Paying attention to meter in lyrics is arguably the most difficult part of writing memorable lyrics. Meter is the stresses on the syllables of the words in each line of the verse and chorus.
For instance, in the line “Peter Piper picked a peck of pickled peppers”, all of the “P” words are stressed on the first syllables of the words. The words “a” and “of” are unstressed syllables.
By paying attention to the stressed and unstressed syllables in each line of the lyrics, the lyricist can begin to write stanzas that have consistent meter. Now just add the burden of writing words with a certain meter that also pay attention to internal and end rhyme and other poetic devices such as metaphor, point-of-view and personification and then you’ll see why writing meter in lyrics is so difficult.
When figuring out the meter in a song, many lyricists will pull out a pencil to mark the accented syllables with a slash mark and the unstressed syllables with a u-shaped unstressed mark. See the diagram above. The stressed syllables are marked with a hard slash and the unstressed syllables with a soft “U”.
Many professional lyricists will study the music lyrics of others by pulling out a lyric sheet and marking off the meter. This is good practice so that one can get used to the rhyme of the words as one writes them.
Depending upon whether the lyrics are written first for the song or the music is first will in many ways determine how a lyricist approaches writing the meter. If the music comes first, then there most likely is already a certain meter established that the lyrics must conform to and if not, then the lyricist will have to figure out the meter and the composer later will write the music to fit the meter of the lyrics.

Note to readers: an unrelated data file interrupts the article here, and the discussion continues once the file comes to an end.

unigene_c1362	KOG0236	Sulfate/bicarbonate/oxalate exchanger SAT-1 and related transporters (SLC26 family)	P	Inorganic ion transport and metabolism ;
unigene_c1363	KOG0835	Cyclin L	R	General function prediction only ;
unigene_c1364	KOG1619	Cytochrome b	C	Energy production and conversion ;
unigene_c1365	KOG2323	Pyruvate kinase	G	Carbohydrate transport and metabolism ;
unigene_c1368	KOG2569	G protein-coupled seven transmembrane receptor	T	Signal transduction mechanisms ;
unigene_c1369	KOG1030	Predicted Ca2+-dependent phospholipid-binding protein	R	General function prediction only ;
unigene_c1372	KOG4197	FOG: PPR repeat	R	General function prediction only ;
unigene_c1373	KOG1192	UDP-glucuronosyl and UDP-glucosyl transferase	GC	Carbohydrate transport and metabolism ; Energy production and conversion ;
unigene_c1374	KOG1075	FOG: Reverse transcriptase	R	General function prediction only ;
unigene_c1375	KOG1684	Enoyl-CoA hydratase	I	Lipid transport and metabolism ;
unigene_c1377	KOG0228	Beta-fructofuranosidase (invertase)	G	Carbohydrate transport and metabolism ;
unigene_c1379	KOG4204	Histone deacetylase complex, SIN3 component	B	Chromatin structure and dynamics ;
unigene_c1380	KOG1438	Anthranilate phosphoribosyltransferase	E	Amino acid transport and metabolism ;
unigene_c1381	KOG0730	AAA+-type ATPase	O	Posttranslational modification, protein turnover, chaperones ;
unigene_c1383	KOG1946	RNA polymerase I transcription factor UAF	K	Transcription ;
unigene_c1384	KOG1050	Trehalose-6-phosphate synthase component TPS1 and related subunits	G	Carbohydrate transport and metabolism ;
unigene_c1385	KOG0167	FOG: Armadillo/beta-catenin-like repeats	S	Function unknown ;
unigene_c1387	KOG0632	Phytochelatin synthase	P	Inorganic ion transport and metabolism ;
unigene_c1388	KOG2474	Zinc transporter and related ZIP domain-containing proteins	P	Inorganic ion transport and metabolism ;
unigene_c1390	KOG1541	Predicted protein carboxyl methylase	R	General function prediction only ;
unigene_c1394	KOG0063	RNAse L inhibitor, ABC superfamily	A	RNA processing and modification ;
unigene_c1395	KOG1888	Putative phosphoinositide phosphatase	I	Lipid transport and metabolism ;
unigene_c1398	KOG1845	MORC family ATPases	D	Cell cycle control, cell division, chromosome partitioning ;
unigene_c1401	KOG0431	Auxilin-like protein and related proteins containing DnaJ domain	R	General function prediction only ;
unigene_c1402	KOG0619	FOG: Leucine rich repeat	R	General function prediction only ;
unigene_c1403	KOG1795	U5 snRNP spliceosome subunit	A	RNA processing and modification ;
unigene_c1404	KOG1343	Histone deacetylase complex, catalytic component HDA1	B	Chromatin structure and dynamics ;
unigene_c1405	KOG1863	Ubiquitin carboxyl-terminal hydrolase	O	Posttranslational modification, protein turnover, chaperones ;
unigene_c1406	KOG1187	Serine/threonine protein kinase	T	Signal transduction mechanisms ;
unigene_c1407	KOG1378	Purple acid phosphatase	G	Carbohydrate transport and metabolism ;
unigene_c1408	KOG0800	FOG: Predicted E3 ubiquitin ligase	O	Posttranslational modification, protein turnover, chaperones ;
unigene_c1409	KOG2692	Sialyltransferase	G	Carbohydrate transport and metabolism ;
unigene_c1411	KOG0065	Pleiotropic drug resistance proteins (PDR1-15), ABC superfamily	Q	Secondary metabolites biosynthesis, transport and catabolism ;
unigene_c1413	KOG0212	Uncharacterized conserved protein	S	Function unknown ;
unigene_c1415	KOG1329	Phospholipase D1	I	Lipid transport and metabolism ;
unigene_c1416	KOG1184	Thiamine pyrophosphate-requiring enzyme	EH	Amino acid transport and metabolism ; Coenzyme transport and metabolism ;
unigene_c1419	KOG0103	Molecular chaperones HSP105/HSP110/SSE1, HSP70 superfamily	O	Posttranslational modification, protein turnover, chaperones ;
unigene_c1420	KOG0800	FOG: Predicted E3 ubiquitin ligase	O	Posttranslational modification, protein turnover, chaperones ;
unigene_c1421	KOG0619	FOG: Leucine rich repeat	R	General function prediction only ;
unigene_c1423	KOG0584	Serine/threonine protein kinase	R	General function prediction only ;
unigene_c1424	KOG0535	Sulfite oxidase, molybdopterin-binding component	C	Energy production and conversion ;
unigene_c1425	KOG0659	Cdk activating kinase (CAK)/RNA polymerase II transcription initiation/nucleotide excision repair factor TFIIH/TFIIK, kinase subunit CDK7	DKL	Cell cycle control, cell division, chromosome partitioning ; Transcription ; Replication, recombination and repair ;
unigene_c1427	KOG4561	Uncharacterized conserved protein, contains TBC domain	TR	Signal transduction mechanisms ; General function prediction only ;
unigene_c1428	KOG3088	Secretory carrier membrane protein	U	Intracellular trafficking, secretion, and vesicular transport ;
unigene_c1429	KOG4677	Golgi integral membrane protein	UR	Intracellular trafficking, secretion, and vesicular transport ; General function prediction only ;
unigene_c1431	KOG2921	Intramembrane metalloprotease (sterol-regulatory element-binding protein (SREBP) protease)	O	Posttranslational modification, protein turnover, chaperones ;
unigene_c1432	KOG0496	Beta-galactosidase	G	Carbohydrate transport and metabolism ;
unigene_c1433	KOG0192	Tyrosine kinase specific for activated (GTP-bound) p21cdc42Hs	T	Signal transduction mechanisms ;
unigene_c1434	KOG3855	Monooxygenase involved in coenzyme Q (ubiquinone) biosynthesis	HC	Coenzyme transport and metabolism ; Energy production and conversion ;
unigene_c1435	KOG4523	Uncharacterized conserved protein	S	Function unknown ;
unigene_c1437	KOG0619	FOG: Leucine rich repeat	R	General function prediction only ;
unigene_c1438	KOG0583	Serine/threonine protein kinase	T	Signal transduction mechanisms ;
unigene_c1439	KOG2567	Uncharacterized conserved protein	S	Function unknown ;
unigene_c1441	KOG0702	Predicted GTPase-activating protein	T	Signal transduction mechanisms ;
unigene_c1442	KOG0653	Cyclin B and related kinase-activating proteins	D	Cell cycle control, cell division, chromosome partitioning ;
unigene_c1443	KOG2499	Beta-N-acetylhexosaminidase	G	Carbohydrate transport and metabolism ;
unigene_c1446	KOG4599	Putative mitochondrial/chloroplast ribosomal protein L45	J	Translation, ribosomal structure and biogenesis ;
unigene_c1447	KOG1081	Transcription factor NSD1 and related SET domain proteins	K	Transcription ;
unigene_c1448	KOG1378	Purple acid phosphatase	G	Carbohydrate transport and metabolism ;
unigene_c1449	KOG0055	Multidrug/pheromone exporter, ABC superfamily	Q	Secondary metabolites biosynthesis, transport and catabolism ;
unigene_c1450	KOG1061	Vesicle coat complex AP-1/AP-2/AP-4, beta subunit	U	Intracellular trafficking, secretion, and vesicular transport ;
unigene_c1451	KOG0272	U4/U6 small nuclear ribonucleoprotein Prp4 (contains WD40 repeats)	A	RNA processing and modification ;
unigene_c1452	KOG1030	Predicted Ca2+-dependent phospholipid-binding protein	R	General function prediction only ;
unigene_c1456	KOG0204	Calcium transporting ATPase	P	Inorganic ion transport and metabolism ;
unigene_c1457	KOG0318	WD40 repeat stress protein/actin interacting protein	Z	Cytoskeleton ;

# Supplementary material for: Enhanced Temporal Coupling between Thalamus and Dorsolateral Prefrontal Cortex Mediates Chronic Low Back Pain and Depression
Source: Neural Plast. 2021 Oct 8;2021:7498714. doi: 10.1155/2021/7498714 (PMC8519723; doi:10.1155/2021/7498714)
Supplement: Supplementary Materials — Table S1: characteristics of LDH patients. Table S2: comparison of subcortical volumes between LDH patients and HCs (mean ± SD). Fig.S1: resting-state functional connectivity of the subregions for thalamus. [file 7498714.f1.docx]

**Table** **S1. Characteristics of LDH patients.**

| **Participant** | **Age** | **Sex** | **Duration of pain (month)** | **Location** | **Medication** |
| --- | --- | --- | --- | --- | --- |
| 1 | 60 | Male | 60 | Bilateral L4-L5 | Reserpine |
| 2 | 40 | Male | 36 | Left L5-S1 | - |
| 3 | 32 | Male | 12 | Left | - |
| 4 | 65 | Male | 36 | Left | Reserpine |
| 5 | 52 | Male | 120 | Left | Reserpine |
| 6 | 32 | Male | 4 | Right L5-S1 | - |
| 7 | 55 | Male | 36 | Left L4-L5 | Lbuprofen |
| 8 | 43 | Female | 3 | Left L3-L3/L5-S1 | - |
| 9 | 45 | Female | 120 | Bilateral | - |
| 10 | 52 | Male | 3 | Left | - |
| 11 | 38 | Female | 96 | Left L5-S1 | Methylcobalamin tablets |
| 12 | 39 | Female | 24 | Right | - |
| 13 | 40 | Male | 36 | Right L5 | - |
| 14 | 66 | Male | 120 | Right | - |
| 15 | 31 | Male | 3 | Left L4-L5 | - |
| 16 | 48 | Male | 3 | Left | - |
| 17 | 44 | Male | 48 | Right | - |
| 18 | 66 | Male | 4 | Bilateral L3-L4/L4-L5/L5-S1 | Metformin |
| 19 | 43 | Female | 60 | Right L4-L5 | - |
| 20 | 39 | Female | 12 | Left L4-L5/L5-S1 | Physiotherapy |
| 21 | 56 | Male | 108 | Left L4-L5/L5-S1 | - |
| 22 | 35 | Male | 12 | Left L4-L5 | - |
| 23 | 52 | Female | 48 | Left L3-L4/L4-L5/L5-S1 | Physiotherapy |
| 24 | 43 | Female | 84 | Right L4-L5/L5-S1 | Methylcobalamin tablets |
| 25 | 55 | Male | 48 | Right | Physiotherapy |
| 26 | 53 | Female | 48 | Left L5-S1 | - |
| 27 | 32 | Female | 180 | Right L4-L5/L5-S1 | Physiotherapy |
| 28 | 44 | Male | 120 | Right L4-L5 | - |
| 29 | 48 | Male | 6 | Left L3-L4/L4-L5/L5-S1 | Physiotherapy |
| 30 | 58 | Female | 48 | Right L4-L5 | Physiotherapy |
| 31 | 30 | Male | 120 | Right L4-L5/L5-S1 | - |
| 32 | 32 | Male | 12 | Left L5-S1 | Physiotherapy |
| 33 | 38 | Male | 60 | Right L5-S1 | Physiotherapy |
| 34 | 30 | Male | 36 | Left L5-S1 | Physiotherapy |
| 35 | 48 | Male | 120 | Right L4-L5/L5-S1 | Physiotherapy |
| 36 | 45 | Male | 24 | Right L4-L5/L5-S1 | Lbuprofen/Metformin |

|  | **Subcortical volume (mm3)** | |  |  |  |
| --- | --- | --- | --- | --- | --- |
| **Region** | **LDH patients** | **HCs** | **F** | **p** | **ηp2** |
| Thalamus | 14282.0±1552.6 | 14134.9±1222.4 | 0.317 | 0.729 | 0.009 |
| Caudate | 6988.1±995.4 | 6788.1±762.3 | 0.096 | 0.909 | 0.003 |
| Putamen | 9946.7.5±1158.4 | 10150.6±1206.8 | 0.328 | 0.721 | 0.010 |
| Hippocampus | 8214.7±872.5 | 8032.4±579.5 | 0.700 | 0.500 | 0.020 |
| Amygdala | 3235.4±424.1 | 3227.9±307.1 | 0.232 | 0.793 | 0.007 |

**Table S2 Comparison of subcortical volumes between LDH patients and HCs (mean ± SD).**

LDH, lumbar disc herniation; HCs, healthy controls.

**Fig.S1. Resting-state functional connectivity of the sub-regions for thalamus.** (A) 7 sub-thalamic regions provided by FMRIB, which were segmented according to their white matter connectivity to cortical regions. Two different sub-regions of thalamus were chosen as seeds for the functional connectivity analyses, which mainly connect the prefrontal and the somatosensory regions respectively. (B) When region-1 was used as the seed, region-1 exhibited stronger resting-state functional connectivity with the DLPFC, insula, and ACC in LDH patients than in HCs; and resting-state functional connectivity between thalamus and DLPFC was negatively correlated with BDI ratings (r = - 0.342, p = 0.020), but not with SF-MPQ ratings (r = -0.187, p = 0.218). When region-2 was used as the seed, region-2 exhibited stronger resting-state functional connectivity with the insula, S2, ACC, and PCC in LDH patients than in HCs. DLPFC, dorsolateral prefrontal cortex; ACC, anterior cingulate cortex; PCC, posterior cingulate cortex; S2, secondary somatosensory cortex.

The best exercise for writing meter for lyrics is to either print out a bunch of popular lyrics or buy a book filled with lyrics and start marking up the syllable stresses in pencil. It may be easier to start off with hip hop lyrics since much emphasis is paid to meter and rhyme in this genre. With rap music lyrics in general, there is a definitive beat and rhythm that will make it easier for some beginning lyricists to follow.
No matter, which genre you choose, though, professional songwriters pay close attention to meter when writing songs. Sometimes error in meter can be spotted in professionally written lyrics since there was not a good way to write around the flaw without sacrificing other elements such as the meaning of the song. In these cases, sometimes you can hear a singer vocally covering up the error or emphasizing the error in order to make it a stylistic device within the song.
In general, though, its best not to write lyrics with flaws in meter, hoping the singer or band will cover the error musically or vocally. Rewriting and using a Thesaurus for word choice options help many lyricists overcome meter problems. Remember, the two most popular references for lyricists are the Thesaurus and a rhyming dictionary so make sure you have the two tools of the trade at your disposal when writing music lyrics.
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